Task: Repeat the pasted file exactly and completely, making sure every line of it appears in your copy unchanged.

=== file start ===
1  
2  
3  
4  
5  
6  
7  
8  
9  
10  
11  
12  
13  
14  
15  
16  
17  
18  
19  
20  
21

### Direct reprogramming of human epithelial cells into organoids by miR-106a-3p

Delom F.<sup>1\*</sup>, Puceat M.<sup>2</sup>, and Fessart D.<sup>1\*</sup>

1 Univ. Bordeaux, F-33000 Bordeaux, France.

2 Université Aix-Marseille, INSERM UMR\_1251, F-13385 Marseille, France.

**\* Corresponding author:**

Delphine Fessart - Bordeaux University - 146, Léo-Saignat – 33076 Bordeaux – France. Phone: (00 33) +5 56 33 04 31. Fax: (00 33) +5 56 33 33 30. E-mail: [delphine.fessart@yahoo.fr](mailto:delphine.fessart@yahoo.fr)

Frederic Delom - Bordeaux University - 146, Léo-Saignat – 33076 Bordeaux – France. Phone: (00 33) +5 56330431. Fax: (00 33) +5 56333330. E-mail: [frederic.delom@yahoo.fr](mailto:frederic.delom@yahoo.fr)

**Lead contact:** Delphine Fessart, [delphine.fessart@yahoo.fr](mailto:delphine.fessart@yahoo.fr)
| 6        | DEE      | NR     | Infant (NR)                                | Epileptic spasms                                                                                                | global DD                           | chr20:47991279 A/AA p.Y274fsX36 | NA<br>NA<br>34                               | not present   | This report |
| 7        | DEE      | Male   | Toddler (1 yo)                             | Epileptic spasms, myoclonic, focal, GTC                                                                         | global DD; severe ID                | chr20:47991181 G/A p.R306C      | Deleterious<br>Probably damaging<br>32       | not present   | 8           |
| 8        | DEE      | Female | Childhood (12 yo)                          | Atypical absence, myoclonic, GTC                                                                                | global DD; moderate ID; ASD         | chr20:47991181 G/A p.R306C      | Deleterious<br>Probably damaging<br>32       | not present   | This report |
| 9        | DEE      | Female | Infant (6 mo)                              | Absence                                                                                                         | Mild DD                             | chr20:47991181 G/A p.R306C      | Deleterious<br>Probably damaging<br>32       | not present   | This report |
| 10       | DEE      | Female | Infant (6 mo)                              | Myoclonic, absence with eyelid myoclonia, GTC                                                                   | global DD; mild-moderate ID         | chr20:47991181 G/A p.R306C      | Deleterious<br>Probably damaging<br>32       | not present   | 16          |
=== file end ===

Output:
1  
2  
3  
4  
5  
6  
7  
8  
9  
10  
11  
12  
13  
14  
15  
16  
17  
18  
19  
20  
21

### Direct reprogramming of human epithelial cells into organoids by miR-106a-3p

Delom F.<sup>1\*</sup>, Puceat M.<sup>2</sup>, and Fessart D.<sup>1\*</sup>

1 Univ. Bordeaux, F-33000 Bordeaux, France.

2 Université Aix-Marseille, INSERM UMR\_1251, F-13385 Marseille, France.

**\* Corresponding author:**

Delphine Fessart - Bordeaux University - 146, Léo-Saignat – 33076 Bordeaux – France. Phone: (00 33) +5 56 33 04 31. Fax: (00 33) +5 56 33 33 30. E-mail: [delphine.fessart@yahoo.fr](mailto:delphine.fessart@yahoo.fr)

Frederic Delom - Bordeaux University - 146, Léo-Saignat – 33076 Bordeaux – France. Phone: (00 33) +5 56330431. Fax: (00 33) +5 56333330. E-mail: [frederic.delom@yahoo.fr](mailto:frederic.delom@yahoo.fr)

**Lead contact:** Delphine Fessart, [delphine.fessart@yahoo.fr](mailto:delphine.fessart@yahoo.fr)
| 6        | DEE      | NR     | Infant (NR)                                | Epileptic spasms                                                                                                | global DD                           | chr20:47991279 A/AA p.Y274fsX36 | NA<br>NA<br>34                               | not present   | This report |
| 7        | DEE      | Male   | Toddler (1 yo)                             | Epileptic spasms, myoclonic, focal, GTC                                                                         | global DD; severe ID                | chr20:47991181 G/A p.R306C      | Deleterious<br>Probably damaging<br>32       | not present   | 8           |
| 8        | DEE      | Female | Childhood (12 yo)                          | Atypical absence, myoclonic, GTC                                                                                | global DD; moderate ID; ASD         | chr20:47991181 G/A p.R306C      | Deleterious<br>Probably damaging<br>32       | not present   | This report |
| 9        | DEE      | Female | Infant (6 mo)                              | Absence                                                                                                         | Mild DD                             | chr20:47991181 G/A p.R306C      | Deleterious<br>Probably damaging<br>32       | not present   | This report |
| 10       | DEE      | Female | Infant (6 mo)                              | Myoclonic, absence with eyelid myoclonia, GTC                                                                   | global DD; mild-moderate ID         | chr20:47991181 G/A p.R306C      | Deleterious<br>Probably damaging<br>32       | not present   | 16          |